Blog Entry

Have We Seen the Last HOF RB?

Posted on: August 11, 2012 9:29 pm
Baseball fanatics and experts alike have already agreed that the we have already seen our last 300 game winner in Major League Baseball. With that statement, and admittingly not a huge baseball fan, there was still a lump in my throat from pure sorrow. With the many advances we have seen in sports, the farther away we are going away from historic achievements we have all admired as youngsters. While this is happeningin baseball, could this happen in football as well?

The NFL RB has become an unreliable injury player in the NFL. The one-back system has almost been eliminated. The new talk is a two-back system where two running backs share the 20-30+ carries per game. Add that to the fact that new NFL rules have made the game more pass friendly and we may have a new NFL with RBs that are not future Hall of Famers. We may be watching NFL football from here on out that does not have a Hall of Fame RB. Scary though unless they change the standards of what a Hall of Fame RB is.

Ladanian Tomlinson is likely a Hall of Fame RB who just retired this past season. Lets examine possible Hall of Fame suspects in todays game. Sadly, the list is very short.
Adrian Peterson is coming off a devestating knee injury. Currently he has 6700 yards rushing. He is a likely candidate for the HOF if he can recover from his devastating knee injury. He is still 1000 yards short of Terrell Davis' career total. Why do I bring up Davis? Davis is a huge reason why John Elway has two super bowl rings and Davis is one of six players to record 2000 yards in a NFL season. Davis has never been seriously considered for the HOF after his career was shortened from significant knee injuries. Even if Peterson were to gain more yards than Davis, Peterson doesn't look to have a super bowl or playoff appearance in his near future. While Davis isn't being considered for Hall of Fame status, the very fact that he isn't in the hall of fame will be used against other RBs in the future. 

Maurice Jones-Drew may have a lot of personality hosting radio shows and being fan friendly, but he is a long shot for the hall of fame. He has 6800 yards after six seasons, but he didn't have a good start. He was a back up for Fred Taylor for a few years, but Jones-Drew didn't see his first 1000 yard season until his fourth year. With the longevity of a RB and the winning factor, Jones-Drew has a lot of work to do to garner HOF status.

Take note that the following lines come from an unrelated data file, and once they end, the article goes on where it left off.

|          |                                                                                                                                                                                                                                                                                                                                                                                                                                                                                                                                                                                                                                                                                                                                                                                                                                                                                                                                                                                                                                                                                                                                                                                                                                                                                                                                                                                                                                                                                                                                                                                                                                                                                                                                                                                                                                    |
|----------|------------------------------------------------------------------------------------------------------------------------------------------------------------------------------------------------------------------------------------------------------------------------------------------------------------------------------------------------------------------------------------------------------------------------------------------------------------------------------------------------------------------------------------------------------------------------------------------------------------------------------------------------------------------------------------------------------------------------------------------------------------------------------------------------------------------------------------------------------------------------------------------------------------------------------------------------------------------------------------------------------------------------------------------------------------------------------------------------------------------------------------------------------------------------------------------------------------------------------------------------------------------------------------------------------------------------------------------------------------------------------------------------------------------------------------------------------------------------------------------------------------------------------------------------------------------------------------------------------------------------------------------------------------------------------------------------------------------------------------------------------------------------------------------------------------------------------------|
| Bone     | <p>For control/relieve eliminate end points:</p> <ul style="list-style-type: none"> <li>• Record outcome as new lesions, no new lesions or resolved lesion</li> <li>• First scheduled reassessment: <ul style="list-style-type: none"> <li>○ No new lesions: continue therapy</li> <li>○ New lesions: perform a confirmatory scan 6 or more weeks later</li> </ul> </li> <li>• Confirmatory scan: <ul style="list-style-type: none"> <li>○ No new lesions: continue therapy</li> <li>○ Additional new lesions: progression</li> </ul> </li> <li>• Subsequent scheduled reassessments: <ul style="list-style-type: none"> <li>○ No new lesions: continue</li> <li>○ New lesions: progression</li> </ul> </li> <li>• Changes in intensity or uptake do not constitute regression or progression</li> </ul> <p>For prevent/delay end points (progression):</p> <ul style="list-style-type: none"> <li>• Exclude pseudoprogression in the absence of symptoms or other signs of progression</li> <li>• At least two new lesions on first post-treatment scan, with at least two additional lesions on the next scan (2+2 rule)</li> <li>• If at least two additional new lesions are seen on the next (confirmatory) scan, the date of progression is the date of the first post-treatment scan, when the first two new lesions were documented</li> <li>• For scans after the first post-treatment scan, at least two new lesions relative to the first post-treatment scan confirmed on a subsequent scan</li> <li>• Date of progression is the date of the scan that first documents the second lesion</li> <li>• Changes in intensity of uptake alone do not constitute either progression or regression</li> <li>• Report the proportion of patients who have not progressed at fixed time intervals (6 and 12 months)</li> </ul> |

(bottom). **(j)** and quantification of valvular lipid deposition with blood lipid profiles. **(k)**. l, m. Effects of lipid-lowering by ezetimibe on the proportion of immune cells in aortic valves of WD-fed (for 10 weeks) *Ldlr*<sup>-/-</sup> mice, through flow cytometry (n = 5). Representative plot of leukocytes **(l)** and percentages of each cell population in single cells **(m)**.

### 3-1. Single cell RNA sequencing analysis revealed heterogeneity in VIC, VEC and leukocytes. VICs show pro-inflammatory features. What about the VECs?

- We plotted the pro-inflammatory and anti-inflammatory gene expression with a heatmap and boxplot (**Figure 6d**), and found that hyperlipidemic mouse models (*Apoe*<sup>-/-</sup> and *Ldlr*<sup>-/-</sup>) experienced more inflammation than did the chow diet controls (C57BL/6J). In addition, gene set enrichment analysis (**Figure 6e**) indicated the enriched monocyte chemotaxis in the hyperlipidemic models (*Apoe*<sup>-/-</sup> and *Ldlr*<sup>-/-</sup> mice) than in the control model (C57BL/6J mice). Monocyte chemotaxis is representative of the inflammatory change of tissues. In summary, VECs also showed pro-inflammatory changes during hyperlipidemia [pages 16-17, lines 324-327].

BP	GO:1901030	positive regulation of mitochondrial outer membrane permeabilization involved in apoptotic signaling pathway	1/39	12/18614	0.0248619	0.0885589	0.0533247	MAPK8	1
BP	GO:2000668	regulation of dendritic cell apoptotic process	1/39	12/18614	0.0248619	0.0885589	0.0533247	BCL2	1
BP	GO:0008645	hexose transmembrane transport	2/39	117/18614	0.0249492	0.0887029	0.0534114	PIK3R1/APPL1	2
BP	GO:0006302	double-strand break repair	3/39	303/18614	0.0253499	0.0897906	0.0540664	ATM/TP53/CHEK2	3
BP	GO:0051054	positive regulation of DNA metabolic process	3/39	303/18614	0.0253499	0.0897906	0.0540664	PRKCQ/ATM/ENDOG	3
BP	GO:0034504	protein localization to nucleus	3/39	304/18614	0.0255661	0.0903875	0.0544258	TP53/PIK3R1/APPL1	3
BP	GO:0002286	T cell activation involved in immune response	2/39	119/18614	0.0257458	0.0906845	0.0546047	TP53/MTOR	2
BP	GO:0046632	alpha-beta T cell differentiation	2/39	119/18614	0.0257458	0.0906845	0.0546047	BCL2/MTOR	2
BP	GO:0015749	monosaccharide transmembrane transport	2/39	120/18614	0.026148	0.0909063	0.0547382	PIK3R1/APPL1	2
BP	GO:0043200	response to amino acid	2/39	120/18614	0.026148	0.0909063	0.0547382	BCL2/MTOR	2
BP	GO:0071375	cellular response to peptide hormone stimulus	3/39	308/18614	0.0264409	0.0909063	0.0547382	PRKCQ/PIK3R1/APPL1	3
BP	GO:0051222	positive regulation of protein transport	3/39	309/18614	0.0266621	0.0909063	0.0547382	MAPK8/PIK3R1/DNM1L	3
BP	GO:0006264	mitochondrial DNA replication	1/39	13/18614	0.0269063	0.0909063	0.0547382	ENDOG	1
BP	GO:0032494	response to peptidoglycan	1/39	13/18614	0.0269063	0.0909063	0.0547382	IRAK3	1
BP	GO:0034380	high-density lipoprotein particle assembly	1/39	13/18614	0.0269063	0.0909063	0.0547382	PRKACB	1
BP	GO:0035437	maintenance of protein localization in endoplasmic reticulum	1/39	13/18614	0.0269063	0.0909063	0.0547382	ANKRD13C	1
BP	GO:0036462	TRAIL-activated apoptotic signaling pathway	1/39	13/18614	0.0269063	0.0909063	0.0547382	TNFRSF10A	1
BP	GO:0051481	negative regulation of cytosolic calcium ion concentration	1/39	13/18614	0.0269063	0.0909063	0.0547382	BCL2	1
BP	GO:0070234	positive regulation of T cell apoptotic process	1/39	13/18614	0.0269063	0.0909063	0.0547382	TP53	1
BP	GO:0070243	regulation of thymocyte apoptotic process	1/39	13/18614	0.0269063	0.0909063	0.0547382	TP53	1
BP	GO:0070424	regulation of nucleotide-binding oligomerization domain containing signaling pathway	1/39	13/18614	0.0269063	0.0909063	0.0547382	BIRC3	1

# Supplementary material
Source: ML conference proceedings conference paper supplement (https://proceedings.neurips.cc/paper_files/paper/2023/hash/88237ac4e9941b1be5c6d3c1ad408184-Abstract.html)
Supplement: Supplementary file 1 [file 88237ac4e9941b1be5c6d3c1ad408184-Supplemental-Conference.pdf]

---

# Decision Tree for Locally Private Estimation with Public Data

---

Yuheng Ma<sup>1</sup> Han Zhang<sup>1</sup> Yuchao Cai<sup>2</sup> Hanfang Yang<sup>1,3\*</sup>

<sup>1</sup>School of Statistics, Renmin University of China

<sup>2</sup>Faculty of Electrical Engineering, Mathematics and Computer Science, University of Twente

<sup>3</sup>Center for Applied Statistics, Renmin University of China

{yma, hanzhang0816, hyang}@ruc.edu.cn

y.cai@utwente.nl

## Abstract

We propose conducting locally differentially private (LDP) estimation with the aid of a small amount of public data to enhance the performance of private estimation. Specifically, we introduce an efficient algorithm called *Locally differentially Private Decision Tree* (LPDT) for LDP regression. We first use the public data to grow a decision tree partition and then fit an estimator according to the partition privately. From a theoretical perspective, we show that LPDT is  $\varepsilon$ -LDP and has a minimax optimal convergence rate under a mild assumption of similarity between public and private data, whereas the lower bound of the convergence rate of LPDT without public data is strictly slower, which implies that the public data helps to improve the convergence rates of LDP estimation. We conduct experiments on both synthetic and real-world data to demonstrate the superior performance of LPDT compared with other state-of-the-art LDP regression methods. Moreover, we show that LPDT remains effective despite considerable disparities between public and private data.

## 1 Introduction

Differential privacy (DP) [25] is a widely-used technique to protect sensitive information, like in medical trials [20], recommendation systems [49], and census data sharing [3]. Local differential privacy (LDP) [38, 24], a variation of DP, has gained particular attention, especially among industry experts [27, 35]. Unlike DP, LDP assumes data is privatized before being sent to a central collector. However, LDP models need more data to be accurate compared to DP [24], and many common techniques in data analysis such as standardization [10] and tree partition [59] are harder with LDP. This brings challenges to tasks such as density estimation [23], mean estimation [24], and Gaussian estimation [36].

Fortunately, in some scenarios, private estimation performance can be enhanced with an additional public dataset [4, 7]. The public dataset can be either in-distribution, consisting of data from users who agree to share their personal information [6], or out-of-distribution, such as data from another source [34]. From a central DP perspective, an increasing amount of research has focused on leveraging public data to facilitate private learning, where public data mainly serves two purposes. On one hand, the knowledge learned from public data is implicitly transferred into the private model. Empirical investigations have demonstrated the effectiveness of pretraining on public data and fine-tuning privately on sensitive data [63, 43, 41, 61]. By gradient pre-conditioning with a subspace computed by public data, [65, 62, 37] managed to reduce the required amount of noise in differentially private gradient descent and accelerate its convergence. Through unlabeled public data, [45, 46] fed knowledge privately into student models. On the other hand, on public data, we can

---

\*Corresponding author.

There may be a few young RBs in the league that have potential, but injuries have been far too common to say they have a great or even chance. There is one RB that I think has a good chance at the Hall of Fame in the league right now. Stephen Jackson, St Louis Rams, should exceed the 10,000 yard mark this season and if you look at his career, it may have been the toughest 10,000 yards ever gained. Jackson has played on some very bad teams. While his TD total is low, his yards and yards per carry show that his heart cannot be challenged. 

I am hoping that this blog is just a pessimistic view of current football. If you think it is, please do not refer to NFL stats from the 1990s or beforeas they reveal how blessed we were watching the ground pounders in the NFL. Change is an inevitable fact of life in every aspect, but I hope the NFL game hasn't changed to the point that the NFL RB is just a dime a dozen.

Category: NFL

Since: Aug 26, 2009
Posted on: August 26, 2012 3:34 pm

Have We Seen the Last HOF RB?

There will be no more HOF running backs when there aren't any backs toping 1,500 yards in a season. The 00s decade was the highlight of running backs. There were more running backs that decade going over 1500 yards than in the 80s or 90s. The trend will come back around again just like it always does. The running game has changed into a speed and finesse game because the defenses are so fast. The rare athletes are starting to pop up at QB now instead of RB, and DE instead of LB. Within the next five years another AP is going to emerge from college and take the NFL by storm. Had it not been for the injuries, people wouldn't be talking as much about the lack of elite running backs. DeAngelo Williams was on an elite path until he hurt himself as was/is AP, MJD, and Forte. AP and MJD hit the ground running when they got into the league whereas Forte has been coming into his own. I think that due to the amount of young running backs in the league there is less trust to get the extra yards or score so teams are passing more to their giant targets at WR.